TAKEYH: Therefore, you have to presuppose that there was some sort of a religious revival in the country for the cleric to emerge, however, sanitized as the leadership of an opposition movement.


TAKEYH: Shiism became the religion, became an ideology of dissent and rebellion.

CHEHABI: Yeah, absolutely.

GERECHT: Can I just add one thing on that point?


GERECHT: I actually think in the American government there was a real resistance, and the same thing was true with a lot of Iranians, the idea of clerical rule just seemed a little far-fetched. It just didn’t seem likely. I don’t know how many American officials were aware of the history from, say, Bakhtiar, Majlis forward, but that there was actually a tradition of what you might call profound clerical interjection of the government, if not a certain desire to actually rule. That just simply wasn’t digested, and hence Khomeini’s advantage.

TAKEYH: Well, I mean what I’m trying to get to is, I mean, I’m sorry, professor, is there is a question and Buchan introduced it, what did Iranians revolt for in 1979? Given the choice of leadership that they made, given the individual they turn to, is it fair to say, I think it’s indisputable to suggest, that they revolted for an Islamic Government?

CHEHABI: No, not necessarily. I don’t think so. If you all you have to do is to look at the slogans that people shouted in the course of the demonstrations, they believed wrongly, now we know wrongly, but at the time, they believed that the Shah was an American puppet and so they called for independence, which meant curtailing American influence in this country. They revolted against corruption in high places. Yes, a very important part revolted for Islam, but not everybody. Not everybody was Islamic.

Of course, one thing we have to keep in mind is that, precisely in the 1970s, we get the emergence of an Islamist counter-elite, because that’s the point when students from poorer backgrounds enter university and the atmosphere at the universities changes. Many secular Iranians now go to the United States or to Europe to study and the universities become a hotbed of Islamist agitation. So this emergence of an Islamist counter-elite of educated people, who can speak about modern problems, who can speak about social problems, who can speak about the economy, that was also one of the factors in the Islamization of the revolution movement.

TAKEYH: Afkhami, did you have something?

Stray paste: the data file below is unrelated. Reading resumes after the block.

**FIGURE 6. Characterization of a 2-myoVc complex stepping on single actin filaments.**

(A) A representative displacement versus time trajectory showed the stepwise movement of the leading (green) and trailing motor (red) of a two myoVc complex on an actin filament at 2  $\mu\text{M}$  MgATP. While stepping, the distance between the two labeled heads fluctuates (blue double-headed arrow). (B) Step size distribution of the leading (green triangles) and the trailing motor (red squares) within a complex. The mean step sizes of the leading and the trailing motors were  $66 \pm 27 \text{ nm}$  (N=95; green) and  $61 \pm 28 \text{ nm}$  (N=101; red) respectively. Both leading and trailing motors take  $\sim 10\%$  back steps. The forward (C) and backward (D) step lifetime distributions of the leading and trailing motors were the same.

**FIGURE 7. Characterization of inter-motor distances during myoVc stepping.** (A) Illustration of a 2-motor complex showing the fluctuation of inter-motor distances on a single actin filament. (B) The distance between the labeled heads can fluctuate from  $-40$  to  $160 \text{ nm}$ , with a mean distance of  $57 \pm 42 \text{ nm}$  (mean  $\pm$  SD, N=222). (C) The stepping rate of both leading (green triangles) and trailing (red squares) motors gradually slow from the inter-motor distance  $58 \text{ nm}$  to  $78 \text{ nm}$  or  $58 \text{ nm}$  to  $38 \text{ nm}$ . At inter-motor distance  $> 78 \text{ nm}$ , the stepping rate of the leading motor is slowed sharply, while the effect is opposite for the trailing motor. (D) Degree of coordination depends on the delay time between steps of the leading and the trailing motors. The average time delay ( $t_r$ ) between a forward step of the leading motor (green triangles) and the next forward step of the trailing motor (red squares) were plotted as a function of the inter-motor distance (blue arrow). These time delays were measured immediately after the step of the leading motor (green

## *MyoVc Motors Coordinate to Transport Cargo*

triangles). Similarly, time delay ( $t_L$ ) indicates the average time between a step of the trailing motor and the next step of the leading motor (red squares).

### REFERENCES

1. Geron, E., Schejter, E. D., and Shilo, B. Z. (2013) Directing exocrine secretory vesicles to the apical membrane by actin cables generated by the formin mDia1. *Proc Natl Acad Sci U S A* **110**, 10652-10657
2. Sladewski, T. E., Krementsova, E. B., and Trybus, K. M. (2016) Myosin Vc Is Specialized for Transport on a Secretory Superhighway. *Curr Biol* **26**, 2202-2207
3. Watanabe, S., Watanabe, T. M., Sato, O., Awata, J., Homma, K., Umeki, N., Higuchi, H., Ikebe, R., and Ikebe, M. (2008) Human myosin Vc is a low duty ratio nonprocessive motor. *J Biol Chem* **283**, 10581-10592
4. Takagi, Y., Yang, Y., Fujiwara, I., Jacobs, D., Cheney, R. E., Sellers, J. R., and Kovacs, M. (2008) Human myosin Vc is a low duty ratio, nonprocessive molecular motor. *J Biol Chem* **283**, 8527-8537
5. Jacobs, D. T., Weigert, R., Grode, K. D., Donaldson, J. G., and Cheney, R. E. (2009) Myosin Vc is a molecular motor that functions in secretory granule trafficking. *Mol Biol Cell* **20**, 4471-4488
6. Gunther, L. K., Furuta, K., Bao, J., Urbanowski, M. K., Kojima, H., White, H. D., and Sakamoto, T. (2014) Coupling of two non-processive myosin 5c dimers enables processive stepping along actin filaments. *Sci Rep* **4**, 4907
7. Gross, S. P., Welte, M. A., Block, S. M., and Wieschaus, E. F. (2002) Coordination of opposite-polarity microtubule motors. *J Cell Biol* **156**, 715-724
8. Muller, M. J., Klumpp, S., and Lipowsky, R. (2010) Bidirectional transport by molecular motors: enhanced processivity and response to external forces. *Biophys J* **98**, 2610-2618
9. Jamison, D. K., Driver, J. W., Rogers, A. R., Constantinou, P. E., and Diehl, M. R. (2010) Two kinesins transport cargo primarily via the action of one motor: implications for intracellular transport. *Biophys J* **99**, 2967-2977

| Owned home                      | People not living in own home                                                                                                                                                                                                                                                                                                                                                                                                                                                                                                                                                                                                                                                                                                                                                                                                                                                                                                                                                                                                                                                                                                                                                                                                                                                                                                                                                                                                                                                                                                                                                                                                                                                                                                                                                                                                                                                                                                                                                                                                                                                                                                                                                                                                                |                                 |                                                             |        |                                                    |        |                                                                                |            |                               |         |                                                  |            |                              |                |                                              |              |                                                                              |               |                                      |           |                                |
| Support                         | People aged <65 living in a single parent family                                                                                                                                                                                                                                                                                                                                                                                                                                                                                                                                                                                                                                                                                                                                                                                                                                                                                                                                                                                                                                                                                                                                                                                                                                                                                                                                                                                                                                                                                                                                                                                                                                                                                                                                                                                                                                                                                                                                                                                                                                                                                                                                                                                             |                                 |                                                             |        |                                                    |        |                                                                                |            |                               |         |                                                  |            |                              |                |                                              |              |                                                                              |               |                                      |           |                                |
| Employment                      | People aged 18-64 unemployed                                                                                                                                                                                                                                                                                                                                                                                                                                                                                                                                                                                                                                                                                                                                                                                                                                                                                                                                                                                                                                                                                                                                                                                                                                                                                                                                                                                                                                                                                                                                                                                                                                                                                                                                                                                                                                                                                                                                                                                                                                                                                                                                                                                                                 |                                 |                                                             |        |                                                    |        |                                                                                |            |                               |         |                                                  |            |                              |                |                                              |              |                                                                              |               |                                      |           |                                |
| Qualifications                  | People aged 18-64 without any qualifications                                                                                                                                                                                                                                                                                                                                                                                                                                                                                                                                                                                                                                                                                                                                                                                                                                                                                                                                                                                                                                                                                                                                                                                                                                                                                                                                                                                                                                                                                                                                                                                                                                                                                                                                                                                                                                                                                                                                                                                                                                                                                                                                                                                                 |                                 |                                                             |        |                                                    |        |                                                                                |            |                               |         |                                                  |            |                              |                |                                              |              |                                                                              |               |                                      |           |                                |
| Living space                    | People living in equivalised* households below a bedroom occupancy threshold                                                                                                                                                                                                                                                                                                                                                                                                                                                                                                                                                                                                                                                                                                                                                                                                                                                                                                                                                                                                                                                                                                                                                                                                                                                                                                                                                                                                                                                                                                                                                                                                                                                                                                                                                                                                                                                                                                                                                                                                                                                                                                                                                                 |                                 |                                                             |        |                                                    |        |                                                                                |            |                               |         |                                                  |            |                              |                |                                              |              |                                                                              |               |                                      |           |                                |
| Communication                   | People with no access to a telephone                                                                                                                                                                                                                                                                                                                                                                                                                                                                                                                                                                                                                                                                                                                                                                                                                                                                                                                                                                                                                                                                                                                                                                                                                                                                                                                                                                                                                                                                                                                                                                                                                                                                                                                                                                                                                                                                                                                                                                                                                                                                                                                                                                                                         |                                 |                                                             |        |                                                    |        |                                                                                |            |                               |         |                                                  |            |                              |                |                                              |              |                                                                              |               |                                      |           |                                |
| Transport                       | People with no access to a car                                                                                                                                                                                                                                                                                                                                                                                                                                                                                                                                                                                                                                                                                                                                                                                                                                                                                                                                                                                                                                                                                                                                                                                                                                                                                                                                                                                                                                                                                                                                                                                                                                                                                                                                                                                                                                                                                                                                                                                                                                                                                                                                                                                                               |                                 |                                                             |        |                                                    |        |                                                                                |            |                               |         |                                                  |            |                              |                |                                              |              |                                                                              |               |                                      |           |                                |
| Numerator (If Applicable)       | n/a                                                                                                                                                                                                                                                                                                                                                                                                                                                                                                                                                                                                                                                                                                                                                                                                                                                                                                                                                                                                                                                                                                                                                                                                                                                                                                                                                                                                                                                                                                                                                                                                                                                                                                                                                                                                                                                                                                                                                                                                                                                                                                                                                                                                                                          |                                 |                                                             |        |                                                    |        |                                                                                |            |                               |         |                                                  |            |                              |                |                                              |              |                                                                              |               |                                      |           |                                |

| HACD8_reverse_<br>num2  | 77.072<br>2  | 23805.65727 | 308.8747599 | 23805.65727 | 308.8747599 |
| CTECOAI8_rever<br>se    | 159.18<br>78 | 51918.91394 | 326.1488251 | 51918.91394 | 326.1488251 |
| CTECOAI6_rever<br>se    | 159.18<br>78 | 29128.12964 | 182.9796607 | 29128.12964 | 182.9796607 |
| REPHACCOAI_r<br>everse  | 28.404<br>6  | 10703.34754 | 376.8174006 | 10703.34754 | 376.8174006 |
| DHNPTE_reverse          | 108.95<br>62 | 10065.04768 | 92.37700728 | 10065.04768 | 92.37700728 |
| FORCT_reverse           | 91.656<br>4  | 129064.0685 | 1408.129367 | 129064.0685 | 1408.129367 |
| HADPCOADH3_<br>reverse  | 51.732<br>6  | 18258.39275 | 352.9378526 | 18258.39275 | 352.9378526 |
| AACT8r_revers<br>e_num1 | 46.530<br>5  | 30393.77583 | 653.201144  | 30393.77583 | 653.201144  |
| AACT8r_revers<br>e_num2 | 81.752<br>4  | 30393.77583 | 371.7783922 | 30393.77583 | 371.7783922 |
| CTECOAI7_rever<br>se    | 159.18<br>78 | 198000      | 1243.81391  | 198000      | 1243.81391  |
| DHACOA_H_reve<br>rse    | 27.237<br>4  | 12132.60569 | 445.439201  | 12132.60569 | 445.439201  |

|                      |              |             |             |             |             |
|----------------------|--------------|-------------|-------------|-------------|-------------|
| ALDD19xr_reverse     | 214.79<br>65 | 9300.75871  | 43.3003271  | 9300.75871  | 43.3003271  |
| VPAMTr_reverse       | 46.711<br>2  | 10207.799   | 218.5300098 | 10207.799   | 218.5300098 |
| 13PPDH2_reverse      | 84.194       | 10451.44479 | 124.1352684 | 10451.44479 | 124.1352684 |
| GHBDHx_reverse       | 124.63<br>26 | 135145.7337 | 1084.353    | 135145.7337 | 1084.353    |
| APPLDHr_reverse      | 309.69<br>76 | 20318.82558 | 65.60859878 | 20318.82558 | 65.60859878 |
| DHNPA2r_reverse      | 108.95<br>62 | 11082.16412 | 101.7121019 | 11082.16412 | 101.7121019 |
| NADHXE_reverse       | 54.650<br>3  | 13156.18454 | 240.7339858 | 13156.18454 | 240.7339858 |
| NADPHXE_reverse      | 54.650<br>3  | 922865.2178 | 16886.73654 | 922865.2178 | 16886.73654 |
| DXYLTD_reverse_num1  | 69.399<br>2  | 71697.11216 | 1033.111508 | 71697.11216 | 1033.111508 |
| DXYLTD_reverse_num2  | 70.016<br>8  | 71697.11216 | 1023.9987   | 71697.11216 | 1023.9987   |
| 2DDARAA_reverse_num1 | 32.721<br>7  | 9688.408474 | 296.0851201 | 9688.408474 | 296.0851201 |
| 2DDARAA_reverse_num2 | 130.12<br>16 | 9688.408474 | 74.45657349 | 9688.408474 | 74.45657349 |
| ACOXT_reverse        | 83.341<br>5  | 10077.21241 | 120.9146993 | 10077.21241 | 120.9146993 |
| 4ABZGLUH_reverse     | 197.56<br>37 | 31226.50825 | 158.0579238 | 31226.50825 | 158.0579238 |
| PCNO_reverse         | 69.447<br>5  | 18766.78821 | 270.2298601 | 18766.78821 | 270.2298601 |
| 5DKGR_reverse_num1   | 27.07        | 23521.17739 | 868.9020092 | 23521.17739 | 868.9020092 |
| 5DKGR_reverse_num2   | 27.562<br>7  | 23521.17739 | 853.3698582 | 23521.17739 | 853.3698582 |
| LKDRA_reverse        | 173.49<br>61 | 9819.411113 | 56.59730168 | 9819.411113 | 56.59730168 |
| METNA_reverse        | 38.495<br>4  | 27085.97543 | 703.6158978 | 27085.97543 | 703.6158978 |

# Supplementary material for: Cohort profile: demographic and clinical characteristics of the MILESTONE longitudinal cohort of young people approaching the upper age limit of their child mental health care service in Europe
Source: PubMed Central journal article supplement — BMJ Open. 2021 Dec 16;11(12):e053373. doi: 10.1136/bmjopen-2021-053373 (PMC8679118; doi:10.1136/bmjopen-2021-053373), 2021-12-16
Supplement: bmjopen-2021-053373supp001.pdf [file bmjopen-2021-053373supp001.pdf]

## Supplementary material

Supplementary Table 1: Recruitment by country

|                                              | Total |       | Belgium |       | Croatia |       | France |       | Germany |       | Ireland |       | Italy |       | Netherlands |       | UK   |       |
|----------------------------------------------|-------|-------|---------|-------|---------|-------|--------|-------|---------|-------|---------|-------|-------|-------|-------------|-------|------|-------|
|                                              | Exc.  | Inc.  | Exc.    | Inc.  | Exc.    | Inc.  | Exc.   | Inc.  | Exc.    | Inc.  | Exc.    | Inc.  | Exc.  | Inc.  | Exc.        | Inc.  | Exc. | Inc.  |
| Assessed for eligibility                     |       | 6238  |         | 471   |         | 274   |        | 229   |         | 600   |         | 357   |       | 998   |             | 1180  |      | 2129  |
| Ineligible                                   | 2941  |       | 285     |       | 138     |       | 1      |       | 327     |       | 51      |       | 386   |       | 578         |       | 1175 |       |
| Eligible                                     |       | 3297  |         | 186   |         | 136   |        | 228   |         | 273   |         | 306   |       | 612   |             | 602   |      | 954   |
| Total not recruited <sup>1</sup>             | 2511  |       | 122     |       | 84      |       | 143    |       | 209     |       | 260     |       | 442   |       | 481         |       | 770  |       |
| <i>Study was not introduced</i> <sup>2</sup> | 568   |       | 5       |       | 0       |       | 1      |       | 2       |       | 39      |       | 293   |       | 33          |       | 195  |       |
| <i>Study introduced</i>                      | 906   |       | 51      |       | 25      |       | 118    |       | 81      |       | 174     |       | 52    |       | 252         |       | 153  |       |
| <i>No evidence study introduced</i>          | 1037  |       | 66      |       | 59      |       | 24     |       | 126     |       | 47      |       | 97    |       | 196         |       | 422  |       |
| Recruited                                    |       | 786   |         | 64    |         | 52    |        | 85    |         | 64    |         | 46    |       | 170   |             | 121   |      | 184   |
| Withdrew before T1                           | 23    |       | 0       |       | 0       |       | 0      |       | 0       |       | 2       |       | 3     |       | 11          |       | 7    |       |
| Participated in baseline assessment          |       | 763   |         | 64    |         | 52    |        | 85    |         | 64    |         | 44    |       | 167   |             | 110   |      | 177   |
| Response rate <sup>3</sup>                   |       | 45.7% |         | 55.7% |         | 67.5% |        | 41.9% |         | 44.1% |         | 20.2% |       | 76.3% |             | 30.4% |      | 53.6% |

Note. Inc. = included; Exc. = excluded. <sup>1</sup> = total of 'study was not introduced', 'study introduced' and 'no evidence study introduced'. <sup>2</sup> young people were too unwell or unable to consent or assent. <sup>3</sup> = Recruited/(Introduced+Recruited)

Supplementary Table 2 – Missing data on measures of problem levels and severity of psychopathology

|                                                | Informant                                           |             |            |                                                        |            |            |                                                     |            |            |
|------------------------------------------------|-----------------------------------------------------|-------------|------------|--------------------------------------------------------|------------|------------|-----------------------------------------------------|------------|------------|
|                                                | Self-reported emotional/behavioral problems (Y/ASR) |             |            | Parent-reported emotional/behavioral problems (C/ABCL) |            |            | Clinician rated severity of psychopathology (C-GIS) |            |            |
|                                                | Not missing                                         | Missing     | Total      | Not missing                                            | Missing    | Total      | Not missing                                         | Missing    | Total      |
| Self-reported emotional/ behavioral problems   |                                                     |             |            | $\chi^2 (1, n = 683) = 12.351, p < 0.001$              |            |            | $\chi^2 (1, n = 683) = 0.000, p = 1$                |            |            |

AFKHAMI: Yeah, well, exactly that, that Chehabi was just talking about. For one thing, in order to get this thing you have to start from beginning of it, where it actually starts, which goes somewhere just after President Carter came to Iran. Then a few days after was Khomeini started talking about how terrible to meet on his situation was –

TAKEYH: He was doing it, to be fair.

AFKHAMI: Yeah, I know. But continuing this, immediately after that. Then a couple of months afterwards, you had this thing in Tabriz, that it was a religious uprising that started over there. Essentially, that was that. And then from that, they started going on every 40 days and so on and then that was the beginning of it that started going.

The essential point is that this revolution, from the time that it began, it was controlled by the clerics, by the clergy. It was controlled by the clergy because they have been much better organized than any other group that existed over there. At the beginning they came and it was something that was happening nobody was particularly concerned about how this is going to end. It came on and it took and it began to develop, I’m coming back.

Sometime about the middle of 1978, the military began to be very nervous about what was happening. It was trying to get the Shah. Because this is a very important matter to have in mind, that somehow the military culture had evolved in this way, that unless the Shah ordered them to do something they would not do it. I know the Shah told them that you can come into the street but you shouldn’t shoot at anybody, you shouldn’t kill anybody.

TAKEYH: Do you think they would have?

AFKHAMI: That they would have?


AFKHAMI: I think they would.


AFKHAMI: It maybe – Now I know people say a lot of things that they don’t know exactly what, the military relationship with the Shah –

TAKEYH: No, the deliberations of military itself suggests that they don’t want to do it.

AFKHAMI: Yeah. Because the military essentially was not made for doing this kind of thing. That’s other people –

TAKEYH: Right.

AFKHAMI: But it wasn’t the same thing as if the Shah ordered them to do something, they would not do it. They would do that. But the point is that he – May I tell you something about my own personal experience with the Shah?


AFKHAMI: It was sometime in, I would say September, when Sharif-Emami had become Prime Minister. The number of us, a lot of us actually thought that this was the worst kind of chore, to do, to put him as prime minister. A lot of people talked to me and so on, I was able to go and see the Shah because I was the secretary-general of the National Committee for World Literacy Program at that time, of which the Shah was the head, but wasn’t particularly concerned.